Insufficient Self-Control/Self-Discipline

This schema refers to the inability to tolerate any frustration in reaching one’s goals, as well as an inability to restrain expression of one’s impulses or feelings. When lack of self-control is extreme, it may lead to criminal or addictive behaviors. Parents who did not model self-control, or who did not adequately discipline their children, may predispose them to this schema as adults.


This schema refers to a pervasive pattern of focusing on the negative aspects of life while minimizing the positive aspects. Clients with this schema are unable to enjoy things that are going well in their lives because they are so concerned with negative details or potential future problems. They worry about possible failures no matter how well things are going for them. Usually these people had a parent who worried excessively.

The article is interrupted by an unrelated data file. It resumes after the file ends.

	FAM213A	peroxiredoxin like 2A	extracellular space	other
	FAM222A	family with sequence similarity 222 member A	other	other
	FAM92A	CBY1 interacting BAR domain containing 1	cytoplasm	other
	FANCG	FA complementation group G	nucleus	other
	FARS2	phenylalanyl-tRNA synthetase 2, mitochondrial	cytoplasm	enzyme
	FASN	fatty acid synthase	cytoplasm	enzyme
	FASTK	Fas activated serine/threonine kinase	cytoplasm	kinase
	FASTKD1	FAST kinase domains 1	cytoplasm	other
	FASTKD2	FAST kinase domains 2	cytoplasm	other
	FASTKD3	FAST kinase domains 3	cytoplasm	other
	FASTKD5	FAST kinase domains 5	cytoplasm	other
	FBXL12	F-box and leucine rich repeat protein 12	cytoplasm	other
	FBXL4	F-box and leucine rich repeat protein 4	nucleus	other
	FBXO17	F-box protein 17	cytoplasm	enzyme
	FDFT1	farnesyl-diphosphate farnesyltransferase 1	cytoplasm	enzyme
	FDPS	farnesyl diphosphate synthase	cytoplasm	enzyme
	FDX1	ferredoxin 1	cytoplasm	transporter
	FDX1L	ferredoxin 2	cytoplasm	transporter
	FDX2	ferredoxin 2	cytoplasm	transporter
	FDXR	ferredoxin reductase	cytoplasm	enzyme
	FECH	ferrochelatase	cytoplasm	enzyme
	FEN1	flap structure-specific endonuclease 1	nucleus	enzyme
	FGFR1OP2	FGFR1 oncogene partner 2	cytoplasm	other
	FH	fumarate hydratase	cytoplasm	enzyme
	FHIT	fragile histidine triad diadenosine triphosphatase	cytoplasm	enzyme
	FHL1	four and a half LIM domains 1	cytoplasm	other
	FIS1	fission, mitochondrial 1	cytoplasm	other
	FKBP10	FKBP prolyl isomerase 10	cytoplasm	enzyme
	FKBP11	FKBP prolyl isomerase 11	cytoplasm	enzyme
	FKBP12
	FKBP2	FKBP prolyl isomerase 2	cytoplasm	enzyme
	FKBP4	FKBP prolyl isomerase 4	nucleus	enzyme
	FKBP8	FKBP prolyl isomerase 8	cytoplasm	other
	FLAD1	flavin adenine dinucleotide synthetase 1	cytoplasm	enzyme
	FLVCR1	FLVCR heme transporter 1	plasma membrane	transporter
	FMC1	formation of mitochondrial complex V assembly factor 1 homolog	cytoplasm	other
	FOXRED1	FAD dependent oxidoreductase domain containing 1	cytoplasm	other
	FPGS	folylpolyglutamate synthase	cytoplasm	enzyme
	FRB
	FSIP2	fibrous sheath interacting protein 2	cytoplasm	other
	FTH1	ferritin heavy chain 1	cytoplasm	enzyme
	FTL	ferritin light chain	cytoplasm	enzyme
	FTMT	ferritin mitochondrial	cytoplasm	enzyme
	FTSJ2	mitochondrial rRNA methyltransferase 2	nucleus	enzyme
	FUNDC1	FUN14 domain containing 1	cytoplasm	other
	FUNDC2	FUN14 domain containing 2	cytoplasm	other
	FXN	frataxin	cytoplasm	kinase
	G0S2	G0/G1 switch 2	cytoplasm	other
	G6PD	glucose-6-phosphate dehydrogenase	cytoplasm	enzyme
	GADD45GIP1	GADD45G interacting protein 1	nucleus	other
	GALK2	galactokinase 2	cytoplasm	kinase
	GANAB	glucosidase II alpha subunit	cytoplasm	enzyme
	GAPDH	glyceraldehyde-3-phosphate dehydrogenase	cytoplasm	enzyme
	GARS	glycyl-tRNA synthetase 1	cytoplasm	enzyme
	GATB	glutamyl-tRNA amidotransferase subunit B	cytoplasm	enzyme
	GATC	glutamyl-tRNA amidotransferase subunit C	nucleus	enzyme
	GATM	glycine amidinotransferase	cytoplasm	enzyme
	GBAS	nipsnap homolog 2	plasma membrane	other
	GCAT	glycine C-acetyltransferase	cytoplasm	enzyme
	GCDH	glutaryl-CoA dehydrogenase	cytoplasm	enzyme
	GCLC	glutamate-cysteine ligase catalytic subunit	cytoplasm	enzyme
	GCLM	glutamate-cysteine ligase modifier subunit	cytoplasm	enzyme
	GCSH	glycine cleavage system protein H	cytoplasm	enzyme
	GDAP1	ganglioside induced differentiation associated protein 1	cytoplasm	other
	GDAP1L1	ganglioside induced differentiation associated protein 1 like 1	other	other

This schema refers to the belief that people deserve to be harshly punished for making mistakes. People with this schema are critical and unforgiving of both themselves and others. They tend to be angry about imperfect behaviors much of the time. In childhood these clients usually had at least one parent who put too much emphasis on performance and had a punitive style of controlling behavior.